In fixing economy, Chidu has no aces to play
P Chidambaram had a small window of opportunity to administer the kiss of life to India's down-and-out economy. But it already looks like those windows are slamming shut on him.
Misfortunes never come singly, but in the case of Finance Minister P Chidambaram, the fruits of his government's policy inaction of three years mean that he now has to face a whole host of challenges simultaneously in his attempt to administer the kiss of life to a down-and-out economy. And increasingly it looks like the windows of opportunity he had are slamming shut on him.
Chidambaram yielded to the inevitable on Monday when he acknowledged that India's economy would slow down to its slowest pace in a decade, at 5.5-6 percent this fiscal year. That's the slowest pace of growth since 2002-03, when the economy expanded by a mere 4 percent before going into a high growth orbit. Chidambaram today calculates that "barring unexpected shocks, growth will bounce back to 7 percent next year and to 8 percent in 2014-15. But given the factors that account for this slowdown, and the improbability that economic policies will be reoriented sufficiently towards growth in the short term, those growth projections seem more than a trifle unrealistic.
That's entirely of a piece with the wishful prophecies made by economic policymakers in the past two years, starting from former Finance Minister Pranab Mukherjee. They had been in abject denial to the factors that were causing the economy to stall: a runaway increase in deficit and heightened government borrowings that were crowding out private investment.
To Chidambaram's credit, ever since he took over as Finance Minister, he at least began to acknowledge the enormity of the problem he faced, and with tentative support from Prime Minister Manmohan Singh, began to scratch the surface of addressing the subsidy burden by raising diesel prices and initiating a move to trim LPG subsidies.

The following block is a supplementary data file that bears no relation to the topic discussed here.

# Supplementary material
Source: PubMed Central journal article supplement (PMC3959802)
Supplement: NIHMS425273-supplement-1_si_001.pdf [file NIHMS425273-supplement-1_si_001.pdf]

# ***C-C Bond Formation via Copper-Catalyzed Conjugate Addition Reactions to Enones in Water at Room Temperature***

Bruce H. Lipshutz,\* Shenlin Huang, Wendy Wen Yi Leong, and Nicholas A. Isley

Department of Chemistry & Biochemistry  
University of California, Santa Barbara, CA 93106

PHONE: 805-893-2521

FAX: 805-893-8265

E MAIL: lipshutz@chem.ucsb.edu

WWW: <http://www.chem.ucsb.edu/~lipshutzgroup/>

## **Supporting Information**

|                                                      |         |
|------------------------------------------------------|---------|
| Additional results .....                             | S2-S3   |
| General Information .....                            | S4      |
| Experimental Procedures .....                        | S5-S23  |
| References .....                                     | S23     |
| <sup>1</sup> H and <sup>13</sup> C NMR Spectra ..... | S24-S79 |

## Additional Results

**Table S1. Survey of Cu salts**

But even at that time, as Firstpost had noted, he had only a small window of opportunity to fix the macroeconomic picture, given the unstable political environment and the prospect of early general elections - and the consequent spending binge that would his government would have unleashed.
Today, many of the assumptions that underlay Chidambaram's effort to rein in fiscal deficits - the proceeds from the 2G spectrum auction, and the rationalisation of subsidies - are coming unstuck. The aggressive revenue mobilisation target from the 2G spectrum auction, which had been pencilled in into Chidambaram's roadmap for restoration of fiscal rectitude, may prove unrealisable, going by the experience of the CDMA auction.
Tata Teleservices became the second company after Videocon to drop out from the CDMA auction process. This dashes the Telecom Ministry's plans of holding two separate auctions for airwaves used by GSM and CDMA-based mobile phone carriers, from which it hoped to harvest as much as Rs 40,000 crore - in order to bridge the fiscal deficit.